Australia Leads the Charge in Investigating False Green Advertising


Posted on June 24th, 2011 by Julia Ciardullo

by Narayan Subramanian
Legal Intern, Center for Climate Change Law

In the last few years, private companies in Australia have been increasingly scrutinized for misrepresenting the environmental credentials of their products and services in their marketing campaigns, also known as false green advertising, or “greenwashing.”  The charge has been led by the Australian Competition and Consumer Commission (ACCC), a regulatory body established in 1995 with the mandate of administering and enforcing Australia’s Trade Practices Act.  The Trade Practices Act was passed in 1974 to provide consumer protection and prevent restrictive trade practices of companies.  Specifically, Section 52 of the Trade Practices Act prohibits companies from engaging in misleading or deceptive conduct, and Section 53 prohibits false or misleading representations about a company’s products or services.  The ACCC has thus far successfully challenged a number of environmental claims made by private companies as false green advertising.  This blog post discusses six notable examples.

First, in 2008, the ACCC challenged De Longhi Australia Pty Ltd, an importer, distributor and supplier of electrical appliances, for making an unqualified claim in its advertising that the refrigerant gas R290 used in its portable air conditioners was “environmentally friendly.”  De Longhi provided a court-enforceable undertaking that it would modify its advertising to avoid unqualified claims.

In addition, the ACCC challenged false green advertising claims made by three automobile-related companies in 2008.  The ACCC brought a suit in the Federal Court of Australia against GM Holden Ltd for advertising that its Saab vehicles provided “carbon neutral motoring” as it would plant 17 native trees for every vehicle purchased.  The ACCC also challenged Goodyear Tyres for falsely labeling its LS200 tyres as “environmentally-friendly” because its production process emitted less carbon dioxide and its new BioTRED technology increased the life of the tire and improved fuel economy.  Finally, the ACCC challenged V8 Supercars Australia Pty Ltd for being misleading in its Racing Green Program’s claim that it was offsetting carbon emissions from its V8 Championship Emissions by planting 10,000 native trees.  The ACCC contended that the claim was ambiguous because it failed to state over what time span the carbon emissions would be supposedly nullified.  In each of these cases, the companies were required to provide a court-enforceable undertaking to revise their marketing schemes.  Additionally, GM Holden was required to undertake measures to offset the carbon emissions that had been incurred, and Goodyear Tyres was required to compensate all customers who had relied on its false advertising.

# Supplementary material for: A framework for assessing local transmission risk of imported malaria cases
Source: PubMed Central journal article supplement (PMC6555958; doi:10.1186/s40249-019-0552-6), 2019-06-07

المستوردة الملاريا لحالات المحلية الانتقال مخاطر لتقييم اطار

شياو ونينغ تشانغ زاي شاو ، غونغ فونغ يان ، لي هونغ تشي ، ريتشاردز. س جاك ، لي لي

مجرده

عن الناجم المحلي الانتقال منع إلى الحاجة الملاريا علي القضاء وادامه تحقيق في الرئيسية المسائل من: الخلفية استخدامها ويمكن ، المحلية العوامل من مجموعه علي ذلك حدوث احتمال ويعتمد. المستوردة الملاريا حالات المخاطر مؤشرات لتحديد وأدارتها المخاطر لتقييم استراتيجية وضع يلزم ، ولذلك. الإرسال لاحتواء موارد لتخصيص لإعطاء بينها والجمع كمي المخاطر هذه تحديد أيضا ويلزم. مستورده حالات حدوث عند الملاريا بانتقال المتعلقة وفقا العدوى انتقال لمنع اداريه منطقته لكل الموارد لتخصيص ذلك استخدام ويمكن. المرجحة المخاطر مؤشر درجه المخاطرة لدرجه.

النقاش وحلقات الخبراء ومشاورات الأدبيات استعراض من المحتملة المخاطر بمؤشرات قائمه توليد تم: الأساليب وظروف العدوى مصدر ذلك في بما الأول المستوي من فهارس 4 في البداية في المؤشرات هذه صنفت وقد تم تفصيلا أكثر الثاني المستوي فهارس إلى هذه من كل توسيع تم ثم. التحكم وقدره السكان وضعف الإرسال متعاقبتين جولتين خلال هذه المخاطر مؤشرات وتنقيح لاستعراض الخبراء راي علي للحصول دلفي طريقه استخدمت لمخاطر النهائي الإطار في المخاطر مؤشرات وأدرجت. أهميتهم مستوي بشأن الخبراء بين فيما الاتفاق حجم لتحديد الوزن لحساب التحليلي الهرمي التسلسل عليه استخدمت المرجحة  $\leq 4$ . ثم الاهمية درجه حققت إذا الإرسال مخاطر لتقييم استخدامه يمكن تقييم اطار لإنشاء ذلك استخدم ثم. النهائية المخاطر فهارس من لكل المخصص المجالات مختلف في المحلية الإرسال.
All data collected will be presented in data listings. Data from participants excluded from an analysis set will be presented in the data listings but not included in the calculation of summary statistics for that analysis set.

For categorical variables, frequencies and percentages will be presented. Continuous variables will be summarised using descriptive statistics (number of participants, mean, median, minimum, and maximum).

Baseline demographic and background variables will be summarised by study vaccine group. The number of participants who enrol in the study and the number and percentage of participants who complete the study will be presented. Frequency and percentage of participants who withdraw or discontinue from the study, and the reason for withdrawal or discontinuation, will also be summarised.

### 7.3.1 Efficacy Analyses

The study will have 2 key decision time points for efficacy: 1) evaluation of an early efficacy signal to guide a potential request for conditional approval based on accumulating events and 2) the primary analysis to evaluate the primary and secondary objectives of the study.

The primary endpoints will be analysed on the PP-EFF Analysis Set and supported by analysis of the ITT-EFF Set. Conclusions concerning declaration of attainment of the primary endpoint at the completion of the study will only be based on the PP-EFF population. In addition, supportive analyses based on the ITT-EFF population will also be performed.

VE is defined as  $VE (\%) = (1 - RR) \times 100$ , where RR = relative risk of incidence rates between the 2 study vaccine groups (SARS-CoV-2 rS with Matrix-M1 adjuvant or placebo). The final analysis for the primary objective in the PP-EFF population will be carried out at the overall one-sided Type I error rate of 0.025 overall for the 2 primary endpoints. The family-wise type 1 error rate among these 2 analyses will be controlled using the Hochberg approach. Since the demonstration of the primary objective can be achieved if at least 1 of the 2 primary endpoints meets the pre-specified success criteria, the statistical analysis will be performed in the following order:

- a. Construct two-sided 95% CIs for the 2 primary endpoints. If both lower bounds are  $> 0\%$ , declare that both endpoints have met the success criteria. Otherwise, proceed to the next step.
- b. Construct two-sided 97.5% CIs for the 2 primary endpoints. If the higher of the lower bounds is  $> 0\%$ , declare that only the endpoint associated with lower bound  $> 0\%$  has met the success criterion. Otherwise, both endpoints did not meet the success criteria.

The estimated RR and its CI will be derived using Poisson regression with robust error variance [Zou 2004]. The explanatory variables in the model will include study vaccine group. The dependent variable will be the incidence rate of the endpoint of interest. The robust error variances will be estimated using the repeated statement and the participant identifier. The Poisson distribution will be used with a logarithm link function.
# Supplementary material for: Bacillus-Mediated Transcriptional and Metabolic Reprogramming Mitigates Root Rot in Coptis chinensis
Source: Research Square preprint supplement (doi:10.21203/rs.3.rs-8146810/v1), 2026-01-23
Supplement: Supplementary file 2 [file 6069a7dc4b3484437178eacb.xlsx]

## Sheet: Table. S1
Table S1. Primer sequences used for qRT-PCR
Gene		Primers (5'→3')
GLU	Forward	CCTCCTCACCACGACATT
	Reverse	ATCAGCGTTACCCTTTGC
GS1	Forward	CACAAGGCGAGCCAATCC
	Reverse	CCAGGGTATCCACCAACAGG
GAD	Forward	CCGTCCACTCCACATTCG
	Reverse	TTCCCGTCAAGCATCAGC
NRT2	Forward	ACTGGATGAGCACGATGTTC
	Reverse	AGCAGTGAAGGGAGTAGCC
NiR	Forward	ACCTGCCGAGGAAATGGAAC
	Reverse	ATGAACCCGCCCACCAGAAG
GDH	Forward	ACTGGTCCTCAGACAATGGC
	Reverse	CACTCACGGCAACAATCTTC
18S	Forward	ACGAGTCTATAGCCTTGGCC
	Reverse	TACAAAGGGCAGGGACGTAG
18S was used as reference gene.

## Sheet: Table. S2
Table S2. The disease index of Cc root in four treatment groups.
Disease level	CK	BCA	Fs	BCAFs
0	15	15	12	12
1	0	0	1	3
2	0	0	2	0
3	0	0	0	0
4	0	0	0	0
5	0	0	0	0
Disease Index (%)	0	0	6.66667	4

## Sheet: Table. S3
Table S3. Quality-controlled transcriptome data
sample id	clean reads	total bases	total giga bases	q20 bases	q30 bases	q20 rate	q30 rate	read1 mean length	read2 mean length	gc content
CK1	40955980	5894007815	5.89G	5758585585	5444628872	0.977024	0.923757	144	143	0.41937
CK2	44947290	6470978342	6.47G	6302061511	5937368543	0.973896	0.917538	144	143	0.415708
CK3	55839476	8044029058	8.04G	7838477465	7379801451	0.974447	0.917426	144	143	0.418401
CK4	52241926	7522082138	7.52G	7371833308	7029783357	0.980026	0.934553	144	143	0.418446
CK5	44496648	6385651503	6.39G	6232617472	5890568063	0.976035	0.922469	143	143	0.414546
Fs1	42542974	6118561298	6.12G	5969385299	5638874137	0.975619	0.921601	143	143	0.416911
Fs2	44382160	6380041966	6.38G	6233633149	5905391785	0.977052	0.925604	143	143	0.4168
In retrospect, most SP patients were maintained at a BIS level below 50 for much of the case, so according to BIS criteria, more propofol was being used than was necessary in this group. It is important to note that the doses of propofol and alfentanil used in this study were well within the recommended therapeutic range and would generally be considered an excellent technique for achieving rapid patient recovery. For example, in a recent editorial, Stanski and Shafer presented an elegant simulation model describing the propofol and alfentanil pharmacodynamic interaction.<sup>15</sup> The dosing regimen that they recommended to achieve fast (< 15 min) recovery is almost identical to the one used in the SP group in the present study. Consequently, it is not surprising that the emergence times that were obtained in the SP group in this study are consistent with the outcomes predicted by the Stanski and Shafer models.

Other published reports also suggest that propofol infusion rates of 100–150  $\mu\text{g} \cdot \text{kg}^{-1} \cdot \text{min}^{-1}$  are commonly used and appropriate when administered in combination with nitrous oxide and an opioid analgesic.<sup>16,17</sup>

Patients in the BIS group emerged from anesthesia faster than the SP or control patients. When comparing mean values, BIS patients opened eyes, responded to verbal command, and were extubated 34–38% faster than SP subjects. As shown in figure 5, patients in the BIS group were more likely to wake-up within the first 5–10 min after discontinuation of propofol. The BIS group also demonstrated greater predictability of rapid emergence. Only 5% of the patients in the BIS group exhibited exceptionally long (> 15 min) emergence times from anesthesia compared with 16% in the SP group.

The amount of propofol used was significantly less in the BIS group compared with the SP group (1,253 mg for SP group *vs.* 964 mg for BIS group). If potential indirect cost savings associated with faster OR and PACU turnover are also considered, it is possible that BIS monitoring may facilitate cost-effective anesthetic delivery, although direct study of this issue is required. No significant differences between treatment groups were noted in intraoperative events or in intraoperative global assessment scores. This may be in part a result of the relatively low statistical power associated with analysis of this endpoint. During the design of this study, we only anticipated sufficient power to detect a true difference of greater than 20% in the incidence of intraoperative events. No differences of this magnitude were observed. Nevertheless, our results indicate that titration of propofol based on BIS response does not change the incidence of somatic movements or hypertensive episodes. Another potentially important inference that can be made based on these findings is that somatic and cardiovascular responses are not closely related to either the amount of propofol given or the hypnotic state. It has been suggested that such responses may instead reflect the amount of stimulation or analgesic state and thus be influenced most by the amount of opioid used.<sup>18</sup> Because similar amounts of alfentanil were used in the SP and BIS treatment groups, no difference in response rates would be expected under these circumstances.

The ACCC successfully brought two other cases to the Federal Court of Australia in 2010 against Global Green Plan Ltd and Prime Carbon Pty Ltd for misappropriating funds that were meant for purchasing renewable energy certificates and misrepresenting the company’s carbon credits services and affiliations, respectively.  Both companies were required to halt their false and misleading practices, and Prime Carbon Pty Ltd was additionally required to publicize the court’s order to its customers.

Whether the Australian government votes to pursue reductions in its greenhouse gas emissions or not, this recent trend in increased accountability for green marketing claims is certainly encouraging.  The advantage that the ACCC has in pursuing these cases is that the Trade Practices Act has been specifically modified to include punishment for companies found to be in violation of the Act.  Australia has clearly proven itself to be one of the world’s leaders in cracking down on “greenwashing.”

For additional information about the cases discussed above, as well as links to the decisions, please refer to the Non-US Litigation Chart compiled by the Center for Climate Change Law.

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